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Low-Power Laser Could Speed CPUs

The polariton laser now runs on electricity, operates at room temperature, and could be key to on-chip optical interconnects

3 min read
Low-Power Laser Could Speed CPUs
Reflected Glory: University of Michigan engineers built a polariton laser (triangle) that runs on electricity and operates at room temperature. The key was to lower the resistance of the device’s reflectors.
Image: University of Michigan

Lasers have largely replaced the copper wiring of old to speedily stream bits among servers in large data centers. Engineers have long dreamed that they could use lasers to do the same within the servers’ data-congested processors, too. One problem standing in their way is that even the most efficient lasers need an awful lot of current before they light up. But a new kind of device, the polariton laser, could light the way using merely a trickle of electrons. Until recently, however, the device has worked only in an impractical environment.

Now, researchers at the University of Michigan have built the first polariton laser that both runs on electricity and operates at room temperature. It emits coherent light when provided with a current of only 169 amperes per square centimeter. A similar structure operating as an ordinary laser would take more than 250 times as much current, and even the best gallium nitride laser, enhanced with quantum dots, requires at least 1000 A/cm2 before it starts lasing.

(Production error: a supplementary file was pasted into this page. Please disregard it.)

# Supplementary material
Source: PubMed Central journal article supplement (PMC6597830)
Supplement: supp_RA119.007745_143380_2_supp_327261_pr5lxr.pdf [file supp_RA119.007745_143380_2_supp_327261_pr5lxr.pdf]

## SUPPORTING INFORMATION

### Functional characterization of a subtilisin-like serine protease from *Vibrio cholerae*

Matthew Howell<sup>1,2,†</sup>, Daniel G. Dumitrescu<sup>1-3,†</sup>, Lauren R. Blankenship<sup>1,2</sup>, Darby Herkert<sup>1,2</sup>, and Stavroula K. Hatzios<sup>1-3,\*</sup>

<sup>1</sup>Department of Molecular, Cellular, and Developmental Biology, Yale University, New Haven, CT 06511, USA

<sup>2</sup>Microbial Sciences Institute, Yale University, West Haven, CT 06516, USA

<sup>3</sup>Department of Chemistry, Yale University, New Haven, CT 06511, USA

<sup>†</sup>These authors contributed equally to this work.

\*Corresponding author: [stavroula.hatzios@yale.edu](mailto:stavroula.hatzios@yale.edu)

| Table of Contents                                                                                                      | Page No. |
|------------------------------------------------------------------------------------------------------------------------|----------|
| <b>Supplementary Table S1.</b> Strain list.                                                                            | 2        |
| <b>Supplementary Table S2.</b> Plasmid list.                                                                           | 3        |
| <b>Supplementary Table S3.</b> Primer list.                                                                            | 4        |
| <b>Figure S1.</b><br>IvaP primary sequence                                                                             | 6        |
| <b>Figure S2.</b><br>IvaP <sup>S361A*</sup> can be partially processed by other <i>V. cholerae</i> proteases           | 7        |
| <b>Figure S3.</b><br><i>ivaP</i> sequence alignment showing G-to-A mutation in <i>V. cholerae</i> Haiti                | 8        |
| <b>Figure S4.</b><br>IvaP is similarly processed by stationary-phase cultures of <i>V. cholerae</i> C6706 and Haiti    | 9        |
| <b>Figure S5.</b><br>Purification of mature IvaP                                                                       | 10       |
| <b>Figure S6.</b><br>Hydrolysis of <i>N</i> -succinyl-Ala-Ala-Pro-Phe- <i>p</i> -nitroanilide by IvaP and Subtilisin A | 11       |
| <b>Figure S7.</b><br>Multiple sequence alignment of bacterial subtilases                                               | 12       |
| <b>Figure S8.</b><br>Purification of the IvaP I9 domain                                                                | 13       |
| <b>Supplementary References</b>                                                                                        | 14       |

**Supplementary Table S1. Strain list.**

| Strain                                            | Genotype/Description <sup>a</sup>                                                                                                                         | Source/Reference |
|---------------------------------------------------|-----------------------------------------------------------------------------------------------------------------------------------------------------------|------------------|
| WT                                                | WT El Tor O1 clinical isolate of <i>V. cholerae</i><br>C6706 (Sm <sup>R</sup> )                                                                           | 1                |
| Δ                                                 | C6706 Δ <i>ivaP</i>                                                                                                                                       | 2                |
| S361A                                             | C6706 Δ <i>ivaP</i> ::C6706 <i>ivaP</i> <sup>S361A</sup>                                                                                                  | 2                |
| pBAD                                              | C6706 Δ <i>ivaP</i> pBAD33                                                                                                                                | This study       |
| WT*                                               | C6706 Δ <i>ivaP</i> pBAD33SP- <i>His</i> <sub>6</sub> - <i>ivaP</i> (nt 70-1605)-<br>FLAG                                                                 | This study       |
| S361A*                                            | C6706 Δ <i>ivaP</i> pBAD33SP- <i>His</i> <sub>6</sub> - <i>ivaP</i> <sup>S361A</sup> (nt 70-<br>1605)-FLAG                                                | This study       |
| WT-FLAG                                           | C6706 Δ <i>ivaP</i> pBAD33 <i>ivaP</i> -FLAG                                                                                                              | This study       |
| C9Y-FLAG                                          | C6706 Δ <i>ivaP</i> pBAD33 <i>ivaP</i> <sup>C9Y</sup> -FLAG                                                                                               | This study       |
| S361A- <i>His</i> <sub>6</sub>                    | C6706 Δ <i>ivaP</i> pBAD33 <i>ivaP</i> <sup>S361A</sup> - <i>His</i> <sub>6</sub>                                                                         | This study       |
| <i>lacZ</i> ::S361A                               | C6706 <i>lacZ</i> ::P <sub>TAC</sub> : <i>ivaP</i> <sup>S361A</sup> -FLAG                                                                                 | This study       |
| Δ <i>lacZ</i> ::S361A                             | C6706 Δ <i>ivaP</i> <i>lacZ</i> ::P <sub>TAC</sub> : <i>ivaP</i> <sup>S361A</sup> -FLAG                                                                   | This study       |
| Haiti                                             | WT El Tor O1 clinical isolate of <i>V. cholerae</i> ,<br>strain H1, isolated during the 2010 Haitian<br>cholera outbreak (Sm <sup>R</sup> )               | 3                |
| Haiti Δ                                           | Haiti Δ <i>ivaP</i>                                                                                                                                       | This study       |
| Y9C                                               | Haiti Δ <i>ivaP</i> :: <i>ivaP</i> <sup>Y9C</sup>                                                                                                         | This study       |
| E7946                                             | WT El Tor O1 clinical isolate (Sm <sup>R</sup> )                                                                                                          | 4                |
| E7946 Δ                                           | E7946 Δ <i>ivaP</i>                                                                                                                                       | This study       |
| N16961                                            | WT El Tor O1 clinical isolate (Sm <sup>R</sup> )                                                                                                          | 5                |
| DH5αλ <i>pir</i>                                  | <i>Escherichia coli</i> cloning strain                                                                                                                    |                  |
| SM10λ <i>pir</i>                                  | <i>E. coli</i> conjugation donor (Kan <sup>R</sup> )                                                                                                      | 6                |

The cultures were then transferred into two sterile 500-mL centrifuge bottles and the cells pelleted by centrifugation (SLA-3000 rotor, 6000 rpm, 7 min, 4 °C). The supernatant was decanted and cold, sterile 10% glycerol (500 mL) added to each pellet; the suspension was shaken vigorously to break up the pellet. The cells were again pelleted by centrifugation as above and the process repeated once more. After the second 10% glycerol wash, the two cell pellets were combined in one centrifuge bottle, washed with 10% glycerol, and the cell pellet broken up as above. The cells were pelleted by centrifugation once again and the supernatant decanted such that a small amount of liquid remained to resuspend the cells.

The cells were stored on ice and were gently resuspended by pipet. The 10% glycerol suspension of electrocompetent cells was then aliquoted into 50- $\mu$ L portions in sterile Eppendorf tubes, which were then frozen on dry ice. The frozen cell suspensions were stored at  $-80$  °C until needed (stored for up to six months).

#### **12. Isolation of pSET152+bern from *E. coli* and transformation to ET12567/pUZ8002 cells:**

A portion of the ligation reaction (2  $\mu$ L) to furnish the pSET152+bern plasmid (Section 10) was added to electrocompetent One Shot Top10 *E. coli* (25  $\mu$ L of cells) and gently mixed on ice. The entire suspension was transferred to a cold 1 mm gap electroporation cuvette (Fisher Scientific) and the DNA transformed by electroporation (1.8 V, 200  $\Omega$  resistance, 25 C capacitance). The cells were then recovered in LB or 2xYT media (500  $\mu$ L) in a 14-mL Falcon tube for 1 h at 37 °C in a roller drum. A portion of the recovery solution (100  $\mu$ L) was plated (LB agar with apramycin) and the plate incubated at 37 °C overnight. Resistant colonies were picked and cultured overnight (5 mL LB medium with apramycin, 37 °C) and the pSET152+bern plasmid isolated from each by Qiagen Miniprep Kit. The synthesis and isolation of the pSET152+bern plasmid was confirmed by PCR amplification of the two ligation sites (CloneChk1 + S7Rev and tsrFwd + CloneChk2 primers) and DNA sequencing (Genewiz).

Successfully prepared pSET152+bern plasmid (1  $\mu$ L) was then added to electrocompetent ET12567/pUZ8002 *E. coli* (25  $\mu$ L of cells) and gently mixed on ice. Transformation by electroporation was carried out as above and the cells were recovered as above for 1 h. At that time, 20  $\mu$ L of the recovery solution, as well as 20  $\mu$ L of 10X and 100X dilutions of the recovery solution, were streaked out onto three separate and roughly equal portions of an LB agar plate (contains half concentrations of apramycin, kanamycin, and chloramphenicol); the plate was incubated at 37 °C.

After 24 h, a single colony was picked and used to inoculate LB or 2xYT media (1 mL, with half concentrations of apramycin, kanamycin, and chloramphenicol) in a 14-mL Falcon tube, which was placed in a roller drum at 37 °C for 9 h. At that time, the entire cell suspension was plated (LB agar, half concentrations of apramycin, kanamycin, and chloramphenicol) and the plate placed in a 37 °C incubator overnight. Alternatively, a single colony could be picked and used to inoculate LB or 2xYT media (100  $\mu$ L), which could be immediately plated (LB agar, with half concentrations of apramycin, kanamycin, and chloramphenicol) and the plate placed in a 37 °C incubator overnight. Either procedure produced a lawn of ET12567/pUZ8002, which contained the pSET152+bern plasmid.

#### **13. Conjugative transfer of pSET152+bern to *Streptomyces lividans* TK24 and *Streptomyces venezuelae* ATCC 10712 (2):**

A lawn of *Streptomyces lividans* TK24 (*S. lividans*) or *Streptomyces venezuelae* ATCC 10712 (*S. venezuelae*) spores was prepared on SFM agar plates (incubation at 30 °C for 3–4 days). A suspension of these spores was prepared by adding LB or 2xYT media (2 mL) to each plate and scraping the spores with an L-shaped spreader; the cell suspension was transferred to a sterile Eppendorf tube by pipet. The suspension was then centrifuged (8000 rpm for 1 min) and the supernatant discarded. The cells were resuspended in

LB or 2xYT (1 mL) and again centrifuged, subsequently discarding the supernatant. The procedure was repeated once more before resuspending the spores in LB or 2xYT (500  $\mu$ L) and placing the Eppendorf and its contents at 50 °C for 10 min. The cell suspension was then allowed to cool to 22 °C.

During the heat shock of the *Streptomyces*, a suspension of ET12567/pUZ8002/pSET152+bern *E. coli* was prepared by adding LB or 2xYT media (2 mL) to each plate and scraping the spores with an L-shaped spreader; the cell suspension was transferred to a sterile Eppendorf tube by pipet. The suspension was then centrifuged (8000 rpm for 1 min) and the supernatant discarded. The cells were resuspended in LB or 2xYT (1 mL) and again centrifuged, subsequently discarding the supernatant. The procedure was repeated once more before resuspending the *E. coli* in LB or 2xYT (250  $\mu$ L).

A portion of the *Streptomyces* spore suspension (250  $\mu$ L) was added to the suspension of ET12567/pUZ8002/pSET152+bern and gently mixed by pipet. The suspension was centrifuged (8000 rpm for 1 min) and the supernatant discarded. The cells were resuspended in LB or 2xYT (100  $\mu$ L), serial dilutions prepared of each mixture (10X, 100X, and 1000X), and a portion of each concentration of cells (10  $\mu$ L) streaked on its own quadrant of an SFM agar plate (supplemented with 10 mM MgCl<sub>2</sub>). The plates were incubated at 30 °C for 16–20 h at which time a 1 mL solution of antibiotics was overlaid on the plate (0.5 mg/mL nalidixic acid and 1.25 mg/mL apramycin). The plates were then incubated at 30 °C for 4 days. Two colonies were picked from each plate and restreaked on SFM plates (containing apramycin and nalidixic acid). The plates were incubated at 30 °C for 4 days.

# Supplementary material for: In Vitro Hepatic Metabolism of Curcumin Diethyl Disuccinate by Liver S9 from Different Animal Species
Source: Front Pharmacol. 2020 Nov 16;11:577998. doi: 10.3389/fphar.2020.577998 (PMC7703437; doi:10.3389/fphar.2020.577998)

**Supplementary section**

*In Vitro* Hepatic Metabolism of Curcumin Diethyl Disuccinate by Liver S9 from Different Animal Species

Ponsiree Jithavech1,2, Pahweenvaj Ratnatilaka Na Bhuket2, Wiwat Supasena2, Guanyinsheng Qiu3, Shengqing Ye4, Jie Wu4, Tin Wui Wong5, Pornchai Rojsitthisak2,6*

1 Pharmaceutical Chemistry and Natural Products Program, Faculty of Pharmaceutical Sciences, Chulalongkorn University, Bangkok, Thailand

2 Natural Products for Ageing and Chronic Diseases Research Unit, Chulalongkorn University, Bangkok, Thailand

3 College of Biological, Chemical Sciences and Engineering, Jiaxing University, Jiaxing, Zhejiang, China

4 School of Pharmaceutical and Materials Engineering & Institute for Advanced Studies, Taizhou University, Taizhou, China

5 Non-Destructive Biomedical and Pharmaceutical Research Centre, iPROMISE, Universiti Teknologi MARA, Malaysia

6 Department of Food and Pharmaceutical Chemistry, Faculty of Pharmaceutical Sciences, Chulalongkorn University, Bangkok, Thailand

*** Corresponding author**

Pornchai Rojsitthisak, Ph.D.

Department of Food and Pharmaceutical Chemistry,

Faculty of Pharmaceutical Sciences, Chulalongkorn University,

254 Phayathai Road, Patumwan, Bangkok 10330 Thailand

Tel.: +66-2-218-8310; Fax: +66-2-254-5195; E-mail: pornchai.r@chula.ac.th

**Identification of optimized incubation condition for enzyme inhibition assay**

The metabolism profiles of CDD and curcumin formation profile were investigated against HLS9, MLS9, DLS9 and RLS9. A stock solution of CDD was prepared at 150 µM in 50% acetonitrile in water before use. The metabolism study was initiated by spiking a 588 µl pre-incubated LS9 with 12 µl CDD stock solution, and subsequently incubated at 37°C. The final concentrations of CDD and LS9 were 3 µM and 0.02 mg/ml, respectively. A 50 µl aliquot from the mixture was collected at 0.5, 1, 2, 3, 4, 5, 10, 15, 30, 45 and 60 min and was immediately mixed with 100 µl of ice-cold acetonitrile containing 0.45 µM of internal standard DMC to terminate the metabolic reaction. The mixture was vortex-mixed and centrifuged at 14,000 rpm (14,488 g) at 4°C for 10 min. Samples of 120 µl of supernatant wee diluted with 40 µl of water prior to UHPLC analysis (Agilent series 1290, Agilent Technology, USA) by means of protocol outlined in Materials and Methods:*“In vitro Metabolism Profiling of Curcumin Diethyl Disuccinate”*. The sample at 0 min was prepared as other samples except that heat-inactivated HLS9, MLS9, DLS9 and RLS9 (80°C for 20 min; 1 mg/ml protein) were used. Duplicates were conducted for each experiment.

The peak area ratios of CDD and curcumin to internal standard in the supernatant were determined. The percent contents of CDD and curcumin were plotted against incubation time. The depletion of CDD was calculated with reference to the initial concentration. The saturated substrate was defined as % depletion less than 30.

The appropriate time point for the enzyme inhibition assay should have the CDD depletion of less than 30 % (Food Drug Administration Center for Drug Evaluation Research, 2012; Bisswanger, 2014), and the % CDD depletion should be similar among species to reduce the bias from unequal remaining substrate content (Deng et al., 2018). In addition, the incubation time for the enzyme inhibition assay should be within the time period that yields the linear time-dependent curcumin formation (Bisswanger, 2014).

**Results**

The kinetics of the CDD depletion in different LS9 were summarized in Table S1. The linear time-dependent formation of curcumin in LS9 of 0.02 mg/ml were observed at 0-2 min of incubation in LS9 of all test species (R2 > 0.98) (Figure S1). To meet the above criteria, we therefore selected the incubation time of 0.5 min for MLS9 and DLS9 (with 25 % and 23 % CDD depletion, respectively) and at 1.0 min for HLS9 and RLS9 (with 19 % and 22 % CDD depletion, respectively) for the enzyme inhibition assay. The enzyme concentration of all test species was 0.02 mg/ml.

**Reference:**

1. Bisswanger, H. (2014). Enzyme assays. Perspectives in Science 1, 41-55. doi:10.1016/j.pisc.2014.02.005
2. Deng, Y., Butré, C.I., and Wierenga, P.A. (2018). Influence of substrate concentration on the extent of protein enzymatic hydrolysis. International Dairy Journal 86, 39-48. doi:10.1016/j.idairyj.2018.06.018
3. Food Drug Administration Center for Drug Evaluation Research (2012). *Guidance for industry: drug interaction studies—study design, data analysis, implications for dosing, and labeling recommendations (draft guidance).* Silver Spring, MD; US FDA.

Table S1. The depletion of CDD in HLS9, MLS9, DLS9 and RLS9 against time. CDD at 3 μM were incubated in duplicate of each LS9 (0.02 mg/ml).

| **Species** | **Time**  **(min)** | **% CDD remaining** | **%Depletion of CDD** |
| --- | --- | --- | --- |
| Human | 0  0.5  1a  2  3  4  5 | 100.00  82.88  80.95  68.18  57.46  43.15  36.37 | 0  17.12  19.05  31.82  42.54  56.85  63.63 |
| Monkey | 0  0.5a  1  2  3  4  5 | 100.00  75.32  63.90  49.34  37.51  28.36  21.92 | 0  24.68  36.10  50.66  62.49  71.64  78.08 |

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The Transistor at 75

The past, present, and future of the modern world’s most important invention

2 min read
A photo of a birthday cake with 75 written on it.
Lisa Sheehan
LightGreen

Seventy-five years is a long time. It’s so long that most of us don’t remember a time before the transistor, and long enough for many engineers to have devoted entire careers to its use and development. In honor of this most important of technological achievements, this issue’s package of articles explores the transistor’s historical journey and potential future.

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